As history books defined it, the Cold War started after World War II. It involved the U.S. and its allies versus the Soviet Union and its allies.
The rivalry was political, economic, ideologic, but it stopped short of an outright military conflict.
Now, though, there's a military buildup in Eastern Europe that's the largest since the Cold War. The United Kingdom is planning to send fighter jets to Romania. The U.S. is set to send troops and tanks to Poland. Russia recently sailed warships close to British waters on their way to Syria.
It all has international officials asking, is this the beginning of a new Cold War?
MATTHEW CHANCE, CNN SENIOR INTERNATIONAL CORRESPONDENT: Well, not since the end of the Cold War have tensions between Russia and the West been this high.
SUBTITLE: The new Cold War?
CHANCE: The big flashpoint is, of course, Syria. Russia's bombing in support of its ally, the Syrian president, has drawn condemnation from the United States and Europe. Russia has responded by bolstering its military in Syria, deploying even more state of the art anti-aircraft missiles, and by upping its rhetoric.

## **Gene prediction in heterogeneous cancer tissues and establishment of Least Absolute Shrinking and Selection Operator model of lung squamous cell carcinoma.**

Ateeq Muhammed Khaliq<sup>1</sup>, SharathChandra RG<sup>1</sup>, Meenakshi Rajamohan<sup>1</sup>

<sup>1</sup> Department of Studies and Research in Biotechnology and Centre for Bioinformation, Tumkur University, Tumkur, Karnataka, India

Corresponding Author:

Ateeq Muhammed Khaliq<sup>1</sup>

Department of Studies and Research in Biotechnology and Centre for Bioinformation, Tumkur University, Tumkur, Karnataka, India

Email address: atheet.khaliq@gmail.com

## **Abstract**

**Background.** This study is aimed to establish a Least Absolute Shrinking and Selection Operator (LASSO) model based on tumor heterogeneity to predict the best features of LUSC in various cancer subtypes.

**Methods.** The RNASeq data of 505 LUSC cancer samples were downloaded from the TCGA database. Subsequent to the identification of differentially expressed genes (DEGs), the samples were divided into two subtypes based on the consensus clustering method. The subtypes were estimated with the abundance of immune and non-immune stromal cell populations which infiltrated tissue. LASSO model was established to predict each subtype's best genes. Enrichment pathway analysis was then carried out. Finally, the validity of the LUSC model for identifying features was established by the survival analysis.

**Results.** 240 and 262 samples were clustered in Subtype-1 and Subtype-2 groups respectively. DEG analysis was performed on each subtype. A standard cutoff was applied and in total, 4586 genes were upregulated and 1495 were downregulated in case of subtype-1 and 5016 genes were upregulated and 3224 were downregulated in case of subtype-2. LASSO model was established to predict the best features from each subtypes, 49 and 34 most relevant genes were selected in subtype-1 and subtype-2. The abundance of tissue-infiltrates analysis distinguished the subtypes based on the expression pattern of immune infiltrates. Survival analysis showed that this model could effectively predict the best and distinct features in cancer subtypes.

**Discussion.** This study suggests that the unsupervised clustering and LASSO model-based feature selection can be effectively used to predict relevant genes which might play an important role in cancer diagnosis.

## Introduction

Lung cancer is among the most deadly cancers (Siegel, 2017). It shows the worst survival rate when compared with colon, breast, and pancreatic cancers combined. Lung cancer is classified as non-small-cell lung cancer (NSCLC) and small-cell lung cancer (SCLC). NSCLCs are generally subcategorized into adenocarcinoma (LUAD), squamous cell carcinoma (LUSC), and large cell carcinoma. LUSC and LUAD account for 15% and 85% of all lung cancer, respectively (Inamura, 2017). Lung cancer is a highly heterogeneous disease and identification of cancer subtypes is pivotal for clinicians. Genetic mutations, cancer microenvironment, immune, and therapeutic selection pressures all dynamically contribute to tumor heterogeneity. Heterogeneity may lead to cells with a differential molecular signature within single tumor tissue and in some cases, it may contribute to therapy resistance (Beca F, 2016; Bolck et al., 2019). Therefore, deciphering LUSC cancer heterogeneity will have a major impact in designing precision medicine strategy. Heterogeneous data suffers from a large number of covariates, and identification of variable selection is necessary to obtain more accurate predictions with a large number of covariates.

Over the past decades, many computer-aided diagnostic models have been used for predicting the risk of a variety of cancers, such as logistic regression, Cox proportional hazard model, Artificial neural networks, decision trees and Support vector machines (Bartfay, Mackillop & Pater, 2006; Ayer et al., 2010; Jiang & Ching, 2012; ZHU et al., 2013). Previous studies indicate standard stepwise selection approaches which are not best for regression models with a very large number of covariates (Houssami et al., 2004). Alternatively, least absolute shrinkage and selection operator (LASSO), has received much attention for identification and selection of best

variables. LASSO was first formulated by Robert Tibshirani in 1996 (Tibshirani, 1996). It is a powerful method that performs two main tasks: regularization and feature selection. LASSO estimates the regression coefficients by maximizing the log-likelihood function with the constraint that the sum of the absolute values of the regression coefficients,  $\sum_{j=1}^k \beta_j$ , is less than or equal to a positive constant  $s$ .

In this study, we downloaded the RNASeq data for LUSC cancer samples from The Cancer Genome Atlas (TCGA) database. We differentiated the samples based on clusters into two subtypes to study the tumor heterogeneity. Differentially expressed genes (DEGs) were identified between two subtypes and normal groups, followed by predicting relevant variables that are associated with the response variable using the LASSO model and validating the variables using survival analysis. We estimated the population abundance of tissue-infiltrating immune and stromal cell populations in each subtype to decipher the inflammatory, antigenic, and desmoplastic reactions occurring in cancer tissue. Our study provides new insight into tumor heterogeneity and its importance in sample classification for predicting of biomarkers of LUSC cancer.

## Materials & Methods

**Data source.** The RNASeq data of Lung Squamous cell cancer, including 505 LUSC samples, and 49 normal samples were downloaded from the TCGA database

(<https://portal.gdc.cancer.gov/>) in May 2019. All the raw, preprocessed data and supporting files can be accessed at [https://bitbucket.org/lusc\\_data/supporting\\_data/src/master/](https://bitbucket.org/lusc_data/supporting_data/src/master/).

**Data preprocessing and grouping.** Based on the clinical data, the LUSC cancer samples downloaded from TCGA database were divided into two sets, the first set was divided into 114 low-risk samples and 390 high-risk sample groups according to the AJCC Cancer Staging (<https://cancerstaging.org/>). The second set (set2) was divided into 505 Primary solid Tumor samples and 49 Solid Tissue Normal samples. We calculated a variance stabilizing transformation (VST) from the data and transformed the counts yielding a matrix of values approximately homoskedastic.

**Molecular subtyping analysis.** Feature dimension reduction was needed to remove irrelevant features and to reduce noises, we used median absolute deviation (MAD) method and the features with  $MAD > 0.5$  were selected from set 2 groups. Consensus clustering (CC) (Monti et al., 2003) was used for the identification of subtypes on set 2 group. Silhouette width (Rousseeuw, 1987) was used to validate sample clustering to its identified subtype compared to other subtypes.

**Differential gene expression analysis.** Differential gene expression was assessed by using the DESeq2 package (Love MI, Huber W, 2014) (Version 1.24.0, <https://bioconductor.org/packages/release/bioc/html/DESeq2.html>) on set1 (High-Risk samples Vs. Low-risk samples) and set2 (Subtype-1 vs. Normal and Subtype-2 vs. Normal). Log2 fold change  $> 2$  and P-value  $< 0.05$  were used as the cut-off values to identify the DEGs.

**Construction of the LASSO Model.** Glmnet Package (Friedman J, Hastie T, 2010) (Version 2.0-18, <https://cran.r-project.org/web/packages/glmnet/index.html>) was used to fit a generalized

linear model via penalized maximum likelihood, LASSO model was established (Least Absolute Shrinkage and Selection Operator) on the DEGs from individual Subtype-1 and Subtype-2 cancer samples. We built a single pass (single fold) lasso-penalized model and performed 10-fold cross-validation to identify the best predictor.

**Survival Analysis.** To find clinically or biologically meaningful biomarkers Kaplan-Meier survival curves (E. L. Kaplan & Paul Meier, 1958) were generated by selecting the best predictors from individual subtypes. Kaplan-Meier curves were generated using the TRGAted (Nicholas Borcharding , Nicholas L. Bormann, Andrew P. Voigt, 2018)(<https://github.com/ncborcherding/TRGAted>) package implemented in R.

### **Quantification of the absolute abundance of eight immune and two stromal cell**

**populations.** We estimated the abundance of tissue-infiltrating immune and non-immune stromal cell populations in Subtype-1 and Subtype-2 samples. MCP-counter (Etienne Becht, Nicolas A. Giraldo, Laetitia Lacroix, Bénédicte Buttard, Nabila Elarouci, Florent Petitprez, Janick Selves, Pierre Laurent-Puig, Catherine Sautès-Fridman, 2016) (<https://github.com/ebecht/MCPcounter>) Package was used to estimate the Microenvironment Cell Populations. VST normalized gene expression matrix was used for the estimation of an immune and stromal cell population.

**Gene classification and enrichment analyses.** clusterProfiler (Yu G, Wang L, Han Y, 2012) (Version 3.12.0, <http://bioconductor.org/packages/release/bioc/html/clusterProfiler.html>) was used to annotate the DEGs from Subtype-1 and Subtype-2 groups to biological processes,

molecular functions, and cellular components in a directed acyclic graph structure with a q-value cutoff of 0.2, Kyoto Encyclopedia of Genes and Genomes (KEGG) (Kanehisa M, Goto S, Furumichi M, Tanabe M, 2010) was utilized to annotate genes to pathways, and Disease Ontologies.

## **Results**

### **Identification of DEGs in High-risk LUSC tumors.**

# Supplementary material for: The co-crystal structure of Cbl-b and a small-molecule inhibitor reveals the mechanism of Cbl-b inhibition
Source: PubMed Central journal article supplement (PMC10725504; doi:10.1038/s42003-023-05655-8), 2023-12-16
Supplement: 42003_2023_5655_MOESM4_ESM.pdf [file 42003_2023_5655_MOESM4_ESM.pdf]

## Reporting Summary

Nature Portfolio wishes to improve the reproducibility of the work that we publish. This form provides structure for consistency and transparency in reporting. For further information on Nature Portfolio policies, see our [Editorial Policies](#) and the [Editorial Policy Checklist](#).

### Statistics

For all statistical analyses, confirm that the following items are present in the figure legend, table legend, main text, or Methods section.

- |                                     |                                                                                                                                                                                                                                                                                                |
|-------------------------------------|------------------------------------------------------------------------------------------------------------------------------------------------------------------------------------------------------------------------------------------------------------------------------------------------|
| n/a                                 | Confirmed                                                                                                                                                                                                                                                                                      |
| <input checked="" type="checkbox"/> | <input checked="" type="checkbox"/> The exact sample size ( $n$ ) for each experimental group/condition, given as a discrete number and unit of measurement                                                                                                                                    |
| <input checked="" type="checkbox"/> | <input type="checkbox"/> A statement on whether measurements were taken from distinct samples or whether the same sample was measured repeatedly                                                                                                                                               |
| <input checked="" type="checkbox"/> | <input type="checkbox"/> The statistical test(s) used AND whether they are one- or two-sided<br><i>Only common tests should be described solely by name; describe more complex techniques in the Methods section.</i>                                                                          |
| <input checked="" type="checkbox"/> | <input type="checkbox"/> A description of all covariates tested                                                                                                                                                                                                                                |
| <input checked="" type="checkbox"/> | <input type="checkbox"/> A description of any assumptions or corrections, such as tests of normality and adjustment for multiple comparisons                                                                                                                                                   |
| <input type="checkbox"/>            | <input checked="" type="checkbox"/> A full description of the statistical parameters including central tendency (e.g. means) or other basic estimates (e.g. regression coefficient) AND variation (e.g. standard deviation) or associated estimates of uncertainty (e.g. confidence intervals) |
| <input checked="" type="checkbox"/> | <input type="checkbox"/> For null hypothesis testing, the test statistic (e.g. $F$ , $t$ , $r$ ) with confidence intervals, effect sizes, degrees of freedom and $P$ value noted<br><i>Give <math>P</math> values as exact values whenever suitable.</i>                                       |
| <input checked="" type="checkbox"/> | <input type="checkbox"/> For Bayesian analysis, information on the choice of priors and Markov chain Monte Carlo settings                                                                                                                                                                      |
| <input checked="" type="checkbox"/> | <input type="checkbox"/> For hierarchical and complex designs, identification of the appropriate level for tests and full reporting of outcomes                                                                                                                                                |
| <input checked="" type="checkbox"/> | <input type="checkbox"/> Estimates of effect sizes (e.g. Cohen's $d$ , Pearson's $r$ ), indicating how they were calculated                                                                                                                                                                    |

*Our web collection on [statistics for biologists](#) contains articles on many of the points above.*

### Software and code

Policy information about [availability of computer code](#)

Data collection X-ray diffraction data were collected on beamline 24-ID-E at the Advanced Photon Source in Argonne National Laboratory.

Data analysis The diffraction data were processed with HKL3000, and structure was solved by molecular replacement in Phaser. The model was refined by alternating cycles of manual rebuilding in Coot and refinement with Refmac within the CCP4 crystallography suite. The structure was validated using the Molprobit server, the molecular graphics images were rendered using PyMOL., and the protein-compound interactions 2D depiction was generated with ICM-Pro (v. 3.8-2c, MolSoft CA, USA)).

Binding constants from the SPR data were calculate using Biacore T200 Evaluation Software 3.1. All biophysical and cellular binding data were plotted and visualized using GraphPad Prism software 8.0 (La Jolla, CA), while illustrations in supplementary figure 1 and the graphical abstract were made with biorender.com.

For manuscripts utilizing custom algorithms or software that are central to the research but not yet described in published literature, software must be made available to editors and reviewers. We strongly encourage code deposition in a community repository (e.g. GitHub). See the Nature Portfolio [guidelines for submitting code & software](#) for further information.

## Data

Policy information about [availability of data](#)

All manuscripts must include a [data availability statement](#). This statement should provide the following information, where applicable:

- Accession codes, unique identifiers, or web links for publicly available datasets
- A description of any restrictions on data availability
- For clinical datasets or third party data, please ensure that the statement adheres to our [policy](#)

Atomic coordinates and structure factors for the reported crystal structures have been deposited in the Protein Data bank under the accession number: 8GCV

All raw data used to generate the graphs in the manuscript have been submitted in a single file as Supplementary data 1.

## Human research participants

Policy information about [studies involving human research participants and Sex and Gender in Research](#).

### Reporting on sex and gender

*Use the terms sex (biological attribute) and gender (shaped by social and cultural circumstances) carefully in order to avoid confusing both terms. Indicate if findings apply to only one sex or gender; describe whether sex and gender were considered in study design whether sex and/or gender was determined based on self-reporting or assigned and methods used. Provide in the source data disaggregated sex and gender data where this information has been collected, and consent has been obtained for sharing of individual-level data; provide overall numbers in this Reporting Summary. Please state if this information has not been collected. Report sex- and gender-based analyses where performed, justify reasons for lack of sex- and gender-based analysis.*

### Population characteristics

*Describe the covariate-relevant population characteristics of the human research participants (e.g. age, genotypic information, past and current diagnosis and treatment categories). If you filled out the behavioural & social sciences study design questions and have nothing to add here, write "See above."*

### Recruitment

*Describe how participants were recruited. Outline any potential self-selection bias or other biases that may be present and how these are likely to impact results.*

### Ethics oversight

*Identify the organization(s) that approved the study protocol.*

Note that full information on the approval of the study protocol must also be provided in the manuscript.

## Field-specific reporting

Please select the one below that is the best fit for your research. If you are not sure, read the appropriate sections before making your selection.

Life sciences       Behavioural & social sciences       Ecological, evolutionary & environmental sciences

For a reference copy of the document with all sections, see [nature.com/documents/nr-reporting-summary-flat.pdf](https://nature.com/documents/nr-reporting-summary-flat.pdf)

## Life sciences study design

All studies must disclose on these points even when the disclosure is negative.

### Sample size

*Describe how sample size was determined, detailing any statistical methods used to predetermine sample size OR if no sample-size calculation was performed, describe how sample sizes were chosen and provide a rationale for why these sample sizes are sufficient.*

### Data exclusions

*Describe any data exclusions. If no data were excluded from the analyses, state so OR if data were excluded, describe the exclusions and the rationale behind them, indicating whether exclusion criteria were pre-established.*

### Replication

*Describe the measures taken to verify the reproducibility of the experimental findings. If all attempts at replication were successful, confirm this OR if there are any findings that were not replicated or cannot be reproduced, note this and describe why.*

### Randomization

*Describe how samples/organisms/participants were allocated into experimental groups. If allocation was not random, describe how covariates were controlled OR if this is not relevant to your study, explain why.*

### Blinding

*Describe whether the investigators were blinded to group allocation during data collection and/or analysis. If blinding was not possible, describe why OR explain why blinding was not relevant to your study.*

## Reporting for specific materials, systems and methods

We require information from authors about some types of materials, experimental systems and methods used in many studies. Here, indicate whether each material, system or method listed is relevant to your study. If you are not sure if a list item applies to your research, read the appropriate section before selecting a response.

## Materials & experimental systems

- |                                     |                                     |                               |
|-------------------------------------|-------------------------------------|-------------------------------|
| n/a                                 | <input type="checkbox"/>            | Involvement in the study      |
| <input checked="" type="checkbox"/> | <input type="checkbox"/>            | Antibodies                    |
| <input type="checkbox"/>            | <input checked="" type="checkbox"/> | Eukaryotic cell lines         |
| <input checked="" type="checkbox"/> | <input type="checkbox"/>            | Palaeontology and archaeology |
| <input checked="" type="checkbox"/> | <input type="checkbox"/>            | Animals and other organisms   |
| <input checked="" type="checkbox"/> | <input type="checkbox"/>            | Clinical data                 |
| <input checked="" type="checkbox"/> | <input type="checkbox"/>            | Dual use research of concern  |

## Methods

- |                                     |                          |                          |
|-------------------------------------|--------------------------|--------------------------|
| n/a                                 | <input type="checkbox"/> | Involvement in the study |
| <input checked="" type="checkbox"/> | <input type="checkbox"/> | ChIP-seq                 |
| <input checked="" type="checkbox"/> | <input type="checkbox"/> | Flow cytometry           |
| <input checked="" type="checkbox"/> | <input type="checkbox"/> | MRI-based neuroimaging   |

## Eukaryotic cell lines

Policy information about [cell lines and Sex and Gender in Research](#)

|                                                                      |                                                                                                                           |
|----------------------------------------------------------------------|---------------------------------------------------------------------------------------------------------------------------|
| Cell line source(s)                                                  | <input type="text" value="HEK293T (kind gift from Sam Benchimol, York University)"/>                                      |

Of course, the Syria conflict is only one of the flashpoints between Russia and the West. Another is Ukraine, where Russia is under Western sanctions for fueling of bloody rebellion in the east of the country after annexing Crimea in 2014.
There's also the issue of hacking, with Russia accused by U.S. officials of breaking into computer systems of political institutions. The Kremlin denies it, but there is a growing sense that Russian and the West are locked in a collusion course over a whole range of issues. But it's argued that Russia's president, Vladimir Putin, is just an autocrat bent on subverting the international order to which Russia was invited to be a part.
But I think many Russians see it differently. They see a world that after the end of the Cold War was almost totally dominated by the West and by United States in particular.
RONALD REAGAN, FORMER U.S. PRESIDENT: It's our duty to speak in this place of freedom.
CHANCE: Russian interests and concerns, they believe, have been trampled on with NATO expansion and the toppling of former Russian allies in the Balkans and in the Middle East. And what many Russians like about Putin is that he is saying enough is enough and standing up to U.S. dominance.
PRES. VLADIMIR PUTIN, RUSSIA (translated): We need to strengthen the security and defense capability of our country, to assert its position on the international stage.
CHANCE: So, what Syria and Ukraine and hacking are really about is this: like it or not, that relationship between Russia and the West, after the Cold War, the post-Cold War settlements, as it's sometimes called, is now being renegotiated.